UX designers can learn a lot from exhibition designers
Museum designers have been thinking of UX for hundreds of years. So, it’s not new to the digital space.
We often work with clients on their websites, interpretive trails, signage and visitor information displays. We always emphasise that they need to keep their written content brief and interesting and think about the needs of their visitors to create a great experience. This is not easy.
So, we thought we’d share what we learned from this article on what website UX (User Experience) designers can learn from exhibition design at museums. The article was based on an interview with Beverly Serrell, an American museum exhibition designer with over 40 years of experience. Not surprisingly, her thinking and wisdom also apply to wayfinding, visitor signage and interpretative experiences.
Beverly’s thinking about how visitors take in information is influenced by the following understanding.
In an exhibition space, an interpretive trail or on a website, your visitor is not sitting down in the comfort of their home with good lighting and a cup of coffee. He or she is not starting at the beginning of a book and working their way to the end.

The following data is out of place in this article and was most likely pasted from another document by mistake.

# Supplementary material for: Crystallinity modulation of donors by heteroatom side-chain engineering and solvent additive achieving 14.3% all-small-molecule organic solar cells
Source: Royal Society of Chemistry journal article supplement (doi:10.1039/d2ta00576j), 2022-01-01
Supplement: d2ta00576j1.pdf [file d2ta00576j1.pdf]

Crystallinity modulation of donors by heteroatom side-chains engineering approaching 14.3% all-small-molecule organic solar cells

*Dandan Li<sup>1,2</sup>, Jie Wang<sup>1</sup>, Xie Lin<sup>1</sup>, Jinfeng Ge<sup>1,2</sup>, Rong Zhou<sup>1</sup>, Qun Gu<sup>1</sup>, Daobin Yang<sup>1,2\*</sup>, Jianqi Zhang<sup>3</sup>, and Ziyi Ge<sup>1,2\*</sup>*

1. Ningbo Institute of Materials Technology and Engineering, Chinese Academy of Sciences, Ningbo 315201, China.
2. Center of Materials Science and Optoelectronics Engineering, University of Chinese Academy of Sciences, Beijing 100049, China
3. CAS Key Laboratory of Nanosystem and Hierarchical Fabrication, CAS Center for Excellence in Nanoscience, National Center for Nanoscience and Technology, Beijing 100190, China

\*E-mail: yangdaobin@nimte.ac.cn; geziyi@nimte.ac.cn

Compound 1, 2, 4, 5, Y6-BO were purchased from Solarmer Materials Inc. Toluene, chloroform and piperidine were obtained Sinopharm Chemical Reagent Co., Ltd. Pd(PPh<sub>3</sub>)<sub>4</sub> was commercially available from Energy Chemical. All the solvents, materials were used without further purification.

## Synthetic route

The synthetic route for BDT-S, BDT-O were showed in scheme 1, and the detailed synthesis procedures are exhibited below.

So, here are some key take-away points.
1. If you provide text in multiple paragraphs, research shows that most people will read the shortest paragraph first, regardless of where it is in the layout. So, it’s a good idea to make sure that paragraph is relevant and interesting to draw the visitor in.
2. Visitors want to read paragraphs that are 50 words or less. They are looking for the easiest way to get information or learn something that might be beneficial.
3. Most people will not read everything. So, you cannot assume they have read the previous item, paragraph or point.
4. People will enter and move around the space in different ways – so ensure they can find and understand the information regardless of how they arrived at that point.
5. Good exhibit writing starts with the specific and moves to the general or starts with the present and works to the past.
6. Test your directions with someone who might be a potential visitor but knows nothing about the space or site. If they get lost, misread or overlook something, you need to re-think the directions, layout, information, etc. It is not the user’s fault, it is the designers.
7. Every exhibit, website or experience should have a “Big Idea” – that is, a main theme or message it is trying to convey. So, this idea has to be woven throughout the space.
By Tangelo Creative on June 8, 2018